Drama, Movie Reviews

The Song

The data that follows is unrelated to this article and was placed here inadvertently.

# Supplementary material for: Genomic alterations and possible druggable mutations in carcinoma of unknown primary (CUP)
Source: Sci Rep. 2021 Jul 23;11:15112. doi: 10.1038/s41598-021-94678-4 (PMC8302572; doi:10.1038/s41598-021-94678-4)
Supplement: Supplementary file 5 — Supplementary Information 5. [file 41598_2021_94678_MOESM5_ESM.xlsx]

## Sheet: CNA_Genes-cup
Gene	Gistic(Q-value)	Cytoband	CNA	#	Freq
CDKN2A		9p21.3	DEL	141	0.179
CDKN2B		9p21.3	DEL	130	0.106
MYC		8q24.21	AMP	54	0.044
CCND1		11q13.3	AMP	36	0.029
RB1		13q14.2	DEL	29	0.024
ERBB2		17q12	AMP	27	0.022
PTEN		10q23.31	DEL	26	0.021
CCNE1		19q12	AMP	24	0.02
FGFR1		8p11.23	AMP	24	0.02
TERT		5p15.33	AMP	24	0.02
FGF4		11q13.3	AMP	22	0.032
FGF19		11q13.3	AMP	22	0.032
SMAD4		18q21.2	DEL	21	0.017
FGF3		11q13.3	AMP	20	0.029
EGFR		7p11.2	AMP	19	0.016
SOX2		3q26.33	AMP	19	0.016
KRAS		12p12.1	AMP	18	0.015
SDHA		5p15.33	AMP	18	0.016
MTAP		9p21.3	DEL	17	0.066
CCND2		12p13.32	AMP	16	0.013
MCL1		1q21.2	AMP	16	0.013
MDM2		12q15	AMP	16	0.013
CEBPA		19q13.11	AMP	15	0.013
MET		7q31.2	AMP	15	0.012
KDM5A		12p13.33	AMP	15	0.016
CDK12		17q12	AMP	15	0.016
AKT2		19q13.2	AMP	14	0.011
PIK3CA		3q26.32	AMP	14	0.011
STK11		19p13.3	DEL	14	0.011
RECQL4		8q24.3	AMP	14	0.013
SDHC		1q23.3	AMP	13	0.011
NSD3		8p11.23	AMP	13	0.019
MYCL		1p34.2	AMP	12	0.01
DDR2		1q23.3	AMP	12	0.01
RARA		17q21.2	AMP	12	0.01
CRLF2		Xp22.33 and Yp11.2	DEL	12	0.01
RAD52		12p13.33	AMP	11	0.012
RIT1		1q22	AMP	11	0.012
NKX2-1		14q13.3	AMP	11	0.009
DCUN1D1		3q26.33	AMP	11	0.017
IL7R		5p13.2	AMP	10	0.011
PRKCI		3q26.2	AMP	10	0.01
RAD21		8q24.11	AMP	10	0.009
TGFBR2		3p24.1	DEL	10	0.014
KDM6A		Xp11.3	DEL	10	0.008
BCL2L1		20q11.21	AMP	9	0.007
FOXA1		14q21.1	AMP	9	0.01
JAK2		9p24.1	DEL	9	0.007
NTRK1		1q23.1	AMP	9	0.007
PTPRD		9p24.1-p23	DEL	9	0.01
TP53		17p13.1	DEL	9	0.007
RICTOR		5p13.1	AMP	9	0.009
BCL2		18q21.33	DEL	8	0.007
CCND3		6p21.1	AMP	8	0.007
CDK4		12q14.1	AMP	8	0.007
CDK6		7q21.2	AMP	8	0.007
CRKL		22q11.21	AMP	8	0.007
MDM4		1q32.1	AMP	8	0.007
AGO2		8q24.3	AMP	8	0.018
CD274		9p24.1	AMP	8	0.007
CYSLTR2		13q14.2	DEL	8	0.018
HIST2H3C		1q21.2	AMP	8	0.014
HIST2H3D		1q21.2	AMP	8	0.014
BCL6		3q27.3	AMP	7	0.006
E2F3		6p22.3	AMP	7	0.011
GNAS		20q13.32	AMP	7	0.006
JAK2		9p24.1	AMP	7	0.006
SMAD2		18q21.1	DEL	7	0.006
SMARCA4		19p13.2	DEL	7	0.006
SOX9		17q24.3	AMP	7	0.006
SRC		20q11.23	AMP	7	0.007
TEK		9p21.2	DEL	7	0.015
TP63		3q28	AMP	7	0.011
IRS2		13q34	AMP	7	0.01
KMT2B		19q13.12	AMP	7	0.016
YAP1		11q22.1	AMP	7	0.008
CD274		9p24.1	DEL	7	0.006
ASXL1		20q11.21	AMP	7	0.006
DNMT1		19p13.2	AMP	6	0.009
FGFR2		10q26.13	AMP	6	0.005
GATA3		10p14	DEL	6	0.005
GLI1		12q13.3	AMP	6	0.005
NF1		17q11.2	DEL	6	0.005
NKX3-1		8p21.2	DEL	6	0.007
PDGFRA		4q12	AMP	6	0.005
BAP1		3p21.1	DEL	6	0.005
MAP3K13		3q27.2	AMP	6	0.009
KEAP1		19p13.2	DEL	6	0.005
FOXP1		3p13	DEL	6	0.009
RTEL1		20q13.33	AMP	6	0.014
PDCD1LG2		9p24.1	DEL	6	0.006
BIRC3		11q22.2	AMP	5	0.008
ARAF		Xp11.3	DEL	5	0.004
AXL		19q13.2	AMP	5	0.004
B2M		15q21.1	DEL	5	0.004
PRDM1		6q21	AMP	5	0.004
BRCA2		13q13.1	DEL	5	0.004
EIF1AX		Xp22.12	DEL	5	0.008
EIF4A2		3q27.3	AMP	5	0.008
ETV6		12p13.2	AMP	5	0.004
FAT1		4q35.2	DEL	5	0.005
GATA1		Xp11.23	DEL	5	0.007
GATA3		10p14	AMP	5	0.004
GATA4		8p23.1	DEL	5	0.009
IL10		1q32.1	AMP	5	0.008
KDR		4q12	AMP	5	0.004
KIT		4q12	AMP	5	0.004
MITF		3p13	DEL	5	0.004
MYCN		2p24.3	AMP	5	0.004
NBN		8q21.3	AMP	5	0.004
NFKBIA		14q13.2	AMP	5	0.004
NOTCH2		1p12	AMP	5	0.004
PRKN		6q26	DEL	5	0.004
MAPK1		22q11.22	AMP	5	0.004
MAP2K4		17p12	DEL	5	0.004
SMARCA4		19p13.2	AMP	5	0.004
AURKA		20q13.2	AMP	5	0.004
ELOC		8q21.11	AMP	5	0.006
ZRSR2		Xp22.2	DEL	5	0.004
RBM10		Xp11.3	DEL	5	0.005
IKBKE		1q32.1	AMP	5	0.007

Drama / Musical 2014 / 116 minutes RATING: 9/10 The Song destroys all the expectations we have for Christian films. It has great acting, a great script, an even better soundtrack...and also infidelity, abortion, suicide, drugs, and more infidelity. It's far better than most any Christian film you've seen, but also much grittier. It is based on, but does not pretend to be, the story of King David and Solomon. The setting is Nashville, with Jed King an aspiring country singer who hasn't yet measured up to the status of his superstar father. But he also hasn't fallen into any of his excesses either.  When he meets Rose, the manager of a winery, Jed writes a special song for her that turns into his first major hit. From there we see him rise to spectacular heights. Like Solomon before him, he has it all. And like Solomon (and his superstar father), that's not enough – he falls to temptation, in his case involving the lead singer of his opening act. That doesn't explain how very different this film is from the typical Christian fare, so let's focus on two things that make it remarkable. The first is the outstanding pairing of story with biblical narration. All the "Solomonic texts"– Ecclesiastes, Proverbs, and the Song of Solomon – are quoted regularly and impactfully. Jed is learning some hard lessons through the film, and he shares them, warning us of the ways of the adulterous women and the futility of having it all when it is all going to turn to dust in the end. Remarkable, too, is the music. It's another fantastic pairing this time of story and song: the musical performances are worth the price of admission right there! While praising it as highly as I can, I will add that this was a hard film to watch the first time, since, being familiar with both David and Solomon's story, my wife and I knew that at some point Jed's happy story was going to take a devastating, self-sabotaging turn. We actually ended up watching it in two nights, the first with all the fun romantic joking and giddiness of Jed convincing Rose to be his wife. We shut it off right before Jed was set to make his stupid devastating decisions (it wasn't hard to tell when that was going to happen). Then the next evening, we could start with that ugliness, ride it out, and then enjoy the end of the movie, where we got to see his life impacted by undeserved but gratefully received grace. CAUTIONS Even though we don't really see anything objectionable, the mature topic matter means this is not a film for children. Underscoring that point, it begins with a two-minute overview of the lowlights of David King's life. We see Jed's father singing on the Grand ol' Ole Opry and later catching his bandmate's wife swimming naked in a lake (the water obscures her), paralleling David seeing Bathsheba. While King David kills Uriah, in the film the husband, upon learning of his friend's and wife's betrayal, commits suicide. Thankfully this is all covered in a quick montage in the opening minutes. CONCLUSION Some films are gritty for the sake of being gritty. This is gritty for the sake of being true. But it is also funny, romantic, rousing, thought-provoking, and toe-tapping for the same reason: because that's what life is like too. I don't know if I gave The Song the pitch it deserves, so I'm linking to a few other reviews so you can get a second and third opinion. Plugged In – conservative Christian review Variety – a secular take If you want to dig into the film further, here's a list of some of the biblical references throughout the film. You can check out the unique trailer below, and rent the film online at Amazon and other online streaming services. ...